Pertussis immunisation in pregnancy: a summary of funded Australian state and territory programs

This article discusses the comparison of Australian state and territory funded pregnancy or cocoon pertussis immunisation policy as of 31 May 2015.

Page last updated: 16 October 2015

Frank H Beard

Abstract

The Australian Immunisation Handbook, 10th edition now recommends pertussis vaccination during pregnancy as the preferred option for protecting vulnerable young infants. Jurisdictionally funded pertussis immunisation programs for pregnant women were progressively introduced in all Australian states and territories between August 2014 and June 2015. A meeting convened by the National Centre for Immunisation Research and Surveillance of Vaccine Preventable Diseases was held on 31 May 2015 to share information regarding jurisdictional policies and program implementation. This report of that meeting provides the first published comparison of these jurisdictional programs, which are of a broadly similar nature but with important differences. Monitoring and evaluation of the uptake, safety and impact of the current programs in Australia will be important to inform future policy decisions. Commun Dis Intell 2015;39(3):E329–E336.

Top of page

Introduction

In 2013, the 10th edition of The Australian Immunisation Handbook included for the first time, the option of vaccinating pregnant women with pertussis vaccine in the 3rd trimester of pregnancy, rather than pre– or post-partum.1 These 3 options were presented as equivalent in terms of protecting infants, due to the absence of sufficient evidence to support any clear preference. Cocooning (vaccinating close contacts of infants, including parents, to reduce the likelihood of exposure) has been recommended in Australia since 2003,2 and some states and territories introduced funded cocoon programs in response to the recent pertussis epidemic. However, cocooning provides indirect protection and is only moderately effective.3 Following the publication of evidence showing that pertussis vaccination during pregnancy is both highly effective in preventing infant disease4,5 and safe,6–8 The Australian Immunisation Handbook was updated in March 2015 to clearly recommend pertussis vaccination during pregnancy as the preferred option, recommending optimal timing between 28 and 32 weeks gestation but that the vaccine can be given at any time during the 3rd trimester up to delivery.9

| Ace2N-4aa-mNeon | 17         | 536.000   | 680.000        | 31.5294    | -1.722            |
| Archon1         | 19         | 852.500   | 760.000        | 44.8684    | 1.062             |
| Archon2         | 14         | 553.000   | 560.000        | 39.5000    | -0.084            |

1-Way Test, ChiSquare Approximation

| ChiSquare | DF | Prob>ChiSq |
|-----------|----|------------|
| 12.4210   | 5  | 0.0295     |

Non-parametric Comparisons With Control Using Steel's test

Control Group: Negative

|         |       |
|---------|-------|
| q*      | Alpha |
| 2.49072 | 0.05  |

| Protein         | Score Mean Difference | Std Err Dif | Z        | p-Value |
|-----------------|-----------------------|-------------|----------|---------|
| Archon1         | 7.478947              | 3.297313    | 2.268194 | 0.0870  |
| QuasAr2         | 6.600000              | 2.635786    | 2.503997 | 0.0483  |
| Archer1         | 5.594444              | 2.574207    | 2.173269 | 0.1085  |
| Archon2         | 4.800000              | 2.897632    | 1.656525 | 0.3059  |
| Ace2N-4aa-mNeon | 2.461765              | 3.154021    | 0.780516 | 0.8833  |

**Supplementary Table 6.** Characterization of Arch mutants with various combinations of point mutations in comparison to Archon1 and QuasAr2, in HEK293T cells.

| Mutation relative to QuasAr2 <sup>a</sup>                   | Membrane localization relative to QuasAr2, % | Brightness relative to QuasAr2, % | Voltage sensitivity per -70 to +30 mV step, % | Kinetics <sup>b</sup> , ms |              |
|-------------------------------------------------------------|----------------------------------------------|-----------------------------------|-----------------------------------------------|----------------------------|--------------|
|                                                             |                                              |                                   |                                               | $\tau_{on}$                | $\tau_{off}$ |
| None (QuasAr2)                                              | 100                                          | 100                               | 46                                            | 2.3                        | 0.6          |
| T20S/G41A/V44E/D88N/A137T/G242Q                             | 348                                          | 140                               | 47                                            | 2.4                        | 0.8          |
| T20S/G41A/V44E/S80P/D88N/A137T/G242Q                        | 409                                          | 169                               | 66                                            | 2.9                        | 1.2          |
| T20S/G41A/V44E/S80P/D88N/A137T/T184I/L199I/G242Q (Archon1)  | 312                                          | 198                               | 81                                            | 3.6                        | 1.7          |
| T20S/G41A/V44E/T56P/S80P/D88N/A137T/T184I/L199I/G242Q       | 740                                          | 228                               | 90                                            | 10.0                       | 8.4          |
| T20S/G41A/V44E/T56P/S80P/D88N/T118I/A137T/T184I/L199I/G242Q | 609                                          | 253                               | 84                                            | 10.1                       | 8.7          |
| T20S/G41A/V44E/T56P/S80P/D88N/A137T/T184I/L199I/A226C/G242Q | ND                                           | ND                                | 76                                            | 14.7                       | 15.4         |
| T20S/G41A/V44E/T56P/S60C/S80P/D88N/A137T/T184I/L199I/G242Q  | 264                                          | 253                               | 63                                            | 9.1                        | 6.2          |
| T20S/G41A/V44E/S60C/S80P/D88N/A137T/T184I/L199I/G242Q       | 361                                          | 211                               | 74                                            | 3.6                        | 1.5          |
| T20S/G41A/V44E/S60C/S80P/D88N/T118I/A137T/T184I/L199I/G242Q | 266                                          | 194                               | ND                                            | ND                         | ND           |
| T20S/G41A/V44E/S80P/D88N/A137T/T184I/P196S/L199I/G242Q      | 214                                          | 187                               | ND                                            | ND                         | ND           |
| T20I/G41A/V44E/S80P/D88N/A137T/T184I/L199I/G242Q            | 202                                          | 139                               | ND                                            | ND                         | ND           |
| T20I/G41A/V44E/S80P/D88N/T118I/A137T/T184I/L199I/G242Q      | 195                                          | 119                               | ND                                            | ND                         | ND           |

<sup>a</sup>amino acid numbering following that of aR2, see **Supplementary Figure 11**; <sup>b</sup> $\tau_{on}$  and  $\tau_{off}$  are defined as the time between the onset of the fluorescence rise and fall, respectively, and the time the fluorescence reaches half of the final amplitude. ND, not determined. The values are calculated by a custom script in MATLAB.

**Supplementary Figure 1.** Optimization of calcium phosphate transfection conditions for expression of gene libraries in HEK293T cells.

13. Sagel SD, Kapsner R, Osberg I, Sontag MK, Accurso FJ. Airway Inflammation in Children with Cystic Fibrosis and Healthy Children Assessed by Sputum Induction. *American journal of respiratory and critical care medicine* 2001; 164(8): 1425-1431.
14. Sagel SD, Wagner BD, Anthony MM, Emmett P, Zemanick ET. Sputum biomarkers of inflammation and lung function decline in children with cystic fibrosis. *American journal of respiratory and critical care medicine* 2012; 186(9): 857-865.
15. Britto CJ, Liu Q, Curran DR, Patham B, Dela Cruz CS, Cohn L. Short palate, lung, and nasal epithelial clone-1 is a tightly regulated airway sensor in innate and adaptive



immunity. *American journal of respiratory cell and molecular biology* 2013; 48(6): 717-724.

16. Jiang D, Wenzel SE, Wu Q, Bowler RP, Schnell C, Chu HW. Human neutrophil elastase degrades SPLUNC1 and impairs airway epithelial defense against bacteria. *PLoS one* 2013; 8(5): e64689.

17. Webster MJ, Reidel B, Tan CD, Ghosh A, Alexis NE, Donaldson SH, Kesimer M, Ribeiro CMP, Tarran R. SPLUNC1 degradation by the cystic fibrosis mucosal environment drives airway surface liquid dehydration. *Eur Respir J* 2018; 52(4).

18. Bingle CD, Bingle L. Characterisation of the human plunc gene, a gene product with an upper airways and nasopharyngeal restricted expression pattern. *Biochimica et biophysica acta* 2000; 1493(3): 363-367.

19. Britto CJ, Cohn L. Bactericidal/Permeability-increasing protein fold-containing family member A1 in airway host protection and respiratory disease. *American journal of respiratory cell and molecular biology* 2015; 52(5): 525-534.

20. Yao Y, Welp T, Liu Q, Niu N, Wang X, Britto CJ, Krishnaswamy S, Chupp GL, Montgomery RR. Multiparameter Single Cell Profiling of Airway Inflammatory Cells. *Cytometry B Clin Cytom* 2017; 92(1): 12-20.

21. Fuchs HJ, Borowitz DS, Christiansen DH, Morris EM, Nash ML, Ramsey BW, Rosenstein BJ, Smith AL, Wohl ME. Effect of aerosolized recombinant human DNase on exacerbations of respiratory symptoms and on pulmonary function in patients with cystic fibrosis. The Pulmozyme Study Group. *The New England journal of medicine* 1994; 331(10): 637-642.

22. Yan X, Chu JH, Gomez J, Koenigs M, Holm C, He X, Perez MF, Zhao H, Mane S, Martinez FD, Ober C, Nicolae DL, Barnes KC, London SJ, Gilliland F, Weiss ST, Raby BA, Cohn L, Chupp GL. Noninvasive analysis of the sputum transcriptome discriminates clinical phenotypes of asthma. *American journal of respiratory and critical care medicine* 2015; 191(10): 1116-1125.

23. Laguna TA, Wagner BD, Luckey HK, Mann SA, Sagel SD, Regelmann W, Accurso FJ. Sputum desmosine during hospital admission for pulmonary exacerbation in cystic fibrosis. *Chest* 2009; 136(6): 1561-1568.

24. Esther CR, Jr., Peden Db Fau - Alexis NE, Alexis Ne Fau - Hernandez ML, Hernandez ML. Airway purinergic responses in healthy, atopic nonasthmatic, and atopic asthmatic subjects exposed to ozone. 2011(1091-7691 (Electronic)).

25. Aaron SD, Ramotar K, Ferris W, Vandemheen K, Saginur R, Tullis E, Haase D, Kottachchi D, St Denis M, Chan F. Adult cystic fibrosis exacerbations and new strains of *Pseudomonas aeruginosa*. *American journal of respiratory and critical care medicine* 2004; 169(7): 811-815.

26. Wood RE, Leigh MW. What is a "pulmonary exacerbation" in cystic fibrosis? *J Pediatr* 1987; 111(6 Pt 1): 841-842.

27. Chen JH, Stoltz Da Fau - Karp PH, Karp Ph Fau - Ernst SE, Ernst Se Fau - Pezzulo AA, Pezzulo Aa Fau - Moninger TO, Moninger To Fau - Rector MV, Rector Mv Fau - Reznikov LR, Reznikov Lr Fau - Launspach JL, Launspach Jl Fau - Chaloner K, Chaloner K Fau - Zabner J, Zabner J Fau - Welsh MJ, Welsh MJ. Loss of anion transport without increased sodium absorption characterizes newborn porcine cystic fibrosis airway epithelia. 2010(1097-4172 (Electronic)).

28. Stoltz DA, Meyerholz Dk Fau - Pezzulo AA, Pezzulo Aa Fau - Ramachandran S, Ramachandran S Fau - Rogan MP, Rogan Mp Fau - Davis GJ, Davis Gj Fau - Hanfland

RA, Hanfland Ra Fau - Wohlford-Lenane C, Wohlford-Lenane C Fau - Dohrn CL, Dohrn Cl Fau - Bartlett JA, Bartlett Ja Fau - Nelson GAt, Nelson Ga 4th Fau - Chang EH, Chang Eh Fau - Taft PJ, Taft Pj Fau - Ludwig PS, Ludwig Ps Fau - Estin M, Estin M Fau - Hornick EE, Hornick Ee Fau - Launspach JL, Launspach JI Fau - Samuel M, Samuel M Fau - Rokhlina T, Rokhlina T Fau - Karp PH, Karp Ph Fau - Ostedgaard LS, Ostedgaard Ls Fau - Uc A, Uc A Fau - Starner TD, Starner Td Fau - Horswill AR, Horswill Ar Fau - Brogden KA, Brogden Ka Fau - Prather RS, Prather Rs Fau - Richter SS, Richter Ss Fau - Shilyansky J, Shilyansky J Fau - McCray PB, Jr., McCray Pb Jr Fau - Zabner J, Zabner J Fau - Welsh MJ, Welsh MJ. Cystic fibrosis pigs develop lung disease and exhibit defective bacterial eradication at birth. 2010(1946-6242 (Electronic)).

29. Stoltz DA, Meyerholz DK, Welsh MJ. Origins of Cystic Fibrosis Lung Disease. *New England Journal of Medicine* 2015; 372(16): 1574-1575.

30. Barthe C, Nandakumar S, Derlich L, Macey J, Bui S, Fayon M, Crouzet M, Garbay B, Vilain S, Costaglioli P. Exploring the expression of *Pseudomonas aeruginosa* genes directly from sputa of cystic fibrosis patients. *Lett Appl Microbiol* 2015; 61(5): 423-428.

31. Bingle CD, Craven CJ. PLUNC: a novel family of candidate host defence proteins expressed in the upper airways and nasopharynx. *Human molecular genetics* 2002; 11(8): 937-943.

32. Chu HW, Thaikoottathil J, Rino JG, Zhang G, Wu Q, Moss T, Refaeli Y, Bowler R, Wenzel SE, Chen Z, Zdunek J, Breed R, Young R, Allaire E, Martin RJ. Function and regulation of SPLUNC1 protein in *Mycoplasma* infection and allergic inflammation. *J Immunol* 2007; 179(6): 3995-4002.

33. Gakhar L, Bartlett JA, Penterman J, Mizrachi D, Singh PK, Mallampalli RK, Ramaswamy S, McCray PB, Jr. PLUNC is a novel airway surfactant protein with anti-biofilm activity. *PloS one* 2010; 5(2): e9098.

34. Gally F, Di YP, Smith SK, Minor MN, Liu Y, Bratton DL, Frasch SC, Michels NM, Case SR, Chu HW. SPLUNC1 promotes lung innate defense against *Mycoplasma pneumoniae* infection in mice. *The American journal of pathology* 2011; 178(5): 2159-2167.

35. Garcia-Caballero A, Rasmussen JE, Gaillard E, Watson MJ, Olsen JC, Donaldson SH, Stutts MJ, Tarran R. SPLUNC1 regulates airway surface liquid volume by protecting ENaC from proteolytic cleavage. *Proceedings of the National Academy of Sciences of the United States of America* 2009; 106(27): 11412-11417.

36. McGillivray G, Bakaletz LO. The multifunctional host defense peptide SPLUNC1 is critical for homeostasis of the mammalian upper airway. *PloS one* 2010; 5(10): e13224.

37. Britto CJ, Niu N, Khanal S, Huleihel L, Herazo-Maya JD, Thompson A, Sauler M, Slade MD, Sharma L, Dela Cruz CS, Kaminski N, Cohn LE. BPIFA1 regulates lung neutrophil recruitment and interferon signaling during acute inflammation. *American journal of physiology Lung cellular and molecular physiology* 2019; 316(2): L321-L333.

Jurisdictionally funded pertussis immunisation programs for pregnant women have been progressively introduced in all Australian states and territories between August 2014 and June 2015. These programs are broadly similar in nature but with some differences in terms of policy and implementation.

A meeting, convened by the National Centre for Immunisation Research and Surveillance of Vaccine Preventable Diseases (NCIRS), was held on 31 May 2015 immediately prior to the Communicable Disease Control Conference in Brisbane, aiming to share information regarding jurisdictional policies and program implementation, along with plans for evaluation of uptake, adverse events following immunisation, and disease impact. This meeting was attended by representatives from the Australian Government Department of Health and all 8 Australian states and territories except the Australian Capital Territory. This report summarises the key outcomes of this meeting and provides the first published summary of the commonalities and differences across jurisdictional programs and plans for evaluation.

Top of page

Meeting outcomes

Program details

Commencement dates and implementation details for funded jurisdictional pertussis immunisation programs for pregnant women, along with whether any cocoon program is to be run simultaneously, are presented in the Table. Queensland was the first jurisdiction to introduce a program, commencing in August 2014, with all other jurisdictional programs introduced between March and June 2015.

Table: Funded pregnancy/cocoon pertussis immunisation program implementation, by Australian states and territories (information as of 31 May 2015)
State or territory Australian Capital Territory* New South Wales Northern Territory Queensland South Australia Tasmania Victoria Western Australia
GPs general practitioners

AMSs Aboriginal medical services

* Information sourced from ACT Health website

† Funded for use in third trimester of pregnancy from September 2013 but not the preferred option until April 2015

‡ Subsequently amended to accord with updated Australian Immunisation Handbook recommendations
Program dates and details
Start date
April 2015 April 2015 April 2015 August 2014 March 2015 June 2015 June 2015 April 2015
Vaccine
Boostrix® and Adacel® Boostrix® Boostrix® Adacel® (cf adolescent program using Boostrix®) Adacel® (cf adolescent program using Boostrix®) Adacel® (cf adolescent program using Boostrix®) Boostrix® Boostrix® (cf adolescent program using Adacel®)
Target group in terms of gestational age